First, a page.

The story begins with how the lives of the different Hitchhiker’s characters have panned out. Arthur Dent is happily making sandwiches in a beach hut, Ford Prefect is livin’ it large at a big leisure and pleasure resort, Trillian is flying around the universe being a famous reporter, and Random has become the President of the Galaxy. However, they soon realise that it’s all an illusion, created by the Guide Mark II. In fact, they’ve never left Stavro Mueller’s Beta restaurant, and the Earth is still under attack, but the bird-shaped book is running out of batteries, and can’t sustain the virtual reality any longer. Also, it’s not happy with the way things are working out.
Luckily, a most improbable thing happens – Zaphod Beeblebrox arrives with the Heart of Gold, whisking them all away to outer space, leaving the Earth to bubble away into space. They end up sharing a ride with Wowbagger the Infinitely Prolonged, who has started to find the whole buzzing around the galaxy insulting people not having the same appeal as it used to. In fact, he’d rather die. Good thing Zaphod knows a deity with a reputation management issue …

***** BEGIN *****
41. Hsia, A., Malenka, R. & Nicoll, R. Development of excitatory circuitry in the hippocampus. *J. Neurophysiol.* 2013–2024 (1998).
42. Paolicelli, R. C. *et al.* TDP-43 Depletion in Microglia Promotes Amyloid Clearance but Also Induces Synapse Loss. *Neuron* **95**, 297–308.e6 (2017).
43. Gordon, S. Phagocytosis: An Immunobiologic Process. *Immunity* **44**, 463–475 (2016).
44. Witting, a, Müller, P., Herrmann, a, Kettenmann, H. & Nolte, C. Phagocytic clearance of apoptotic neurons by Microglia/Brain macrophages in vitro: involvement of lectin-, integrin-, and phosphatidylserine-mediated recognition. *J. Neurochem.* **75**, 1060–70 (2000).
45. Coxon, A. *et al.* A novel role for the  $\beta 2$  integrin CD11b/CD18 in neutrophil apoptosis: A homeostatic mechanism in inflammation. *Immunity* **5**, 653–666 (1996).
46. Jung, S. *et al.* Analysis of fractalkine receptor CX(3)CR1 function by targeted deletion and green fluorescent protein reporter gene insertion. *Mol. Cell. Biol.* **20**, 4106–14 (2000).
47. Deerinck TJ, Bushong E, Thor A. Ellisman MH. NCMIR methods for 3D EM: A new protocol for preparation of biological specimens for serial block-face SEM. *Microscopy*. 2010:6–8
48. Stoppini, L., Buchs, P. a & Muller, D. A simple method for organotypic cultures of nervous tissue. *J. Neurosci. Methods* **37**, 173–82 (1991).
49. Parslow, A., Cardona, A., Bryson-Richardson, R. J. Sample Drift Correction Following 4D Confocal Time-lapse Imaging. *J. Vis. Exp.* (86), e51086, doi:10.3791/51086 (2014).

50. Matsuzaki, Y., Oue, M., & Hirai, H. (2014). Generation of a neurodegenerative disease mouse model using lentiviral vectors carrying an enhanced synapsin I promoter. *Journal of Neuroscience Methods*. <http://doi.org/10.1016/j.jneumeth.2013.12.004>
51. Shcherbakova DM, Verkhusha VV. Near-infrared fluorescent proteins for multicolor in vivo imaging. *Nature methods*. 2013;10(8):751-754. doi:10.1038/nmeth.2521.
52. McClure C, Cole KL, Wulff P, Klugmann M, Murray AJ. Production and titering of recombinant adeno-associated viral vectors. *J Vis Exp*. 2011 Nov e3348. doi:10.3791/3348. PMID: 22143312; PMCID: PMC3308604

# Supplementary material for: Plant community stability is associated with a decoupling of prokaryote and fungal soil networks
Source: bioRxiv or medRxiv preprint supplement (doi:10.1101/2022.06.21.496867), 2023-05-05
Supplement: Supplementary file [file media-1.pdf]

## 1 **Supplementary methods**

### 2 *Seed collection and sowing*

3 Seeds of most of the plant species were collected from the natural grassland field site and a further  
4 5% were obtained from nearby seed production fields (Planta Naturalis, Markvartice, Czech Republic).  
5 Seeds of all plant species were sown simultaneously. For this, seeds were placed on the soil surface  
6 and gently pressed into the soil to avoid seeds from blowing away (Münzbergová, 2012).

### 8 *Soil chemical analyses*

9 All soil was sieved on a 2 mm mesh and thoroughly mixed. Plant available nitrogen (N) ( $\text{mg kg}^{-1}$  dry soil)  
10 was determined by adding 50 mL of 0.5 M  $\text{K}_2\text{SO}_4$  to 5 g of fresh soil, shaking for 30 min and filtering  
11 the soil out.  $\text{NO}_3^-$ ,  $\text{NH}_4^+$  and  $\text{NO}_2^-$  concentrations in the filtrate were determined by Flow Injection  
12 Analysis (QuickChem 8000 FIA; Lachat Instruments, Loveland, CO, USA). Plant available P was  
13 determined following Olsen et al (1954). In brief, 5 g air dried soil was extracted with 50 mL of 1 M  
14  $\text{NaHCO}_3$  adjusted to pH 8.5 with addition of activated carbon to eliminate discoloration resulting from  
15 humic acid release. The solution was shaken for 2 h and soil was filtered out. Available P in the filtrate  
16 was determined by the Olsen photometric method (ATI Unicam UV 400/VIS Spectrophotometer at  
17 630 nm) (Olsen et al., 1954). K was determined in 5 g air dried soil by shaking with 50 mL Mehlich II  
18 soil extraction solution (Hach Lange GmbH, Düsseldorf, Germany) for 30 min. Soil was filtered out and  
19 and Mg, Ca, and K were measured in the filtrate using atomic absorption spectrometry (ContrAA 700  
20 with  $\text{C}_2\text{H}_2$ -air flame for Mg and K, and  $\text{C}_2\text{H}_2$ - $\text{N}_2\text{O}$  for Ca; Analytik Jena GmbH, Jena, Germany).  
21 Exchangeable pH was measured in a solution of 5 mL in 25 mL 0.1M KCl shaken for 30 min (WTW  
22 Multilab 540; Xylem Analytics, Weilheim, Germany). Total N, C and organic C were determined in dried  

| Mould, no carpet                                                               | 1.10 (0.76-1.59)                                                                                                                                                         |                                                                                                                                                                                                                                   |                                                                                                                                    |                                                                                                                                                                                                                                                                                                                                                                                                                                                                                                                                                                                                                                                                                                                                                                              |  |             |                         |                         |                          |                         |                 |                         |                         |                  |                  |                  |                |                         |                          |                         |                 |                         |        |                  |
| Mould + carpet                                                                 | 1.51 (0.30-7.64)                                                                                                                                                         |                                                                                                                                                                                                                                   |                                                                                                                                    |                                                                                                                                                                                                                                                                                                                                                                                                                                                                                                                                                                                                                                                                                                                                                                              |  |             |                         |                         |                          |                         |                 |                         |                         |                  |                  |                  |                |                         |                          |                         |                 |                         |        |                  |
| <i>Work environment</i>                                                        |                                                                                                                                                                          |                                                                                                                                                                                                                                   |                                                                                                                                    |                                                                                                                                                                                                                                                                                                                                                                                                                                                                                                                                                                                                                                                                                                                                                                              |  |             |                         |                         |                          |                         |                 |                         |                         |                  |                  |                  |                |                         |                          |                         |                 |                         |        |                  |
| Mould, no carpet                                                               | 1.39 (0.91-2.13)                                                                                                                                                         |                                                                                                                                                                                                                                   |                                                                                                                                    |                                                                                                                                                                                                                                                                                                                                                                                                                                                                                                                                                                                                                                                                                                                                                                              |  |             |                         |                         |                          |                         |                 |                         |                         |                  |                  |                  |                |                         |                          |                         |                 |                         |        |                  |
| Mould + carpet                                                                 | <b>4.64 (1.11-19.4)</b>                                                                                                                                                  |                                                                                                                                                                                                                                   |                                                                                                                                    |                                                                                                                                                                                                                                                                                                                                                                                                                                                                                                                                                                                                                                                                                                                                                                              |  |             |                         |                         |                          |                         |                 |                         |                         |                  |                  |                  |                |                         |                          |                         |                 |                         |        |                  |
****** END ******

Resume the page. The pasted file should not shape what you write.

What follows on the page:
In an interesting similarity with Thor, Asgard is a planet here too. When I saw that movie earlier this month, having recently re-read this book, I couldn’t help but expect Heimdall to be wearing a ski mask and Thor to be brooding. The Rainbow Bridge reminded me of Zaphod trying to cross it while dodging dragons. In fact, I was wondering where Hel and her missiles were!
The big question anyone would ask about this book is naturally, “is it any good?” or “is it funny?” Yes, on both accounts. “Does it live up to the original trilogy in five parts?” Yes, I think it does. I enjoyed it the first time I read it (last year), and I enjoyed it even more now. It’s very funny, and it’s clever (the whole cheese cult on Nano is hilarious – “Appease the Cheese!”).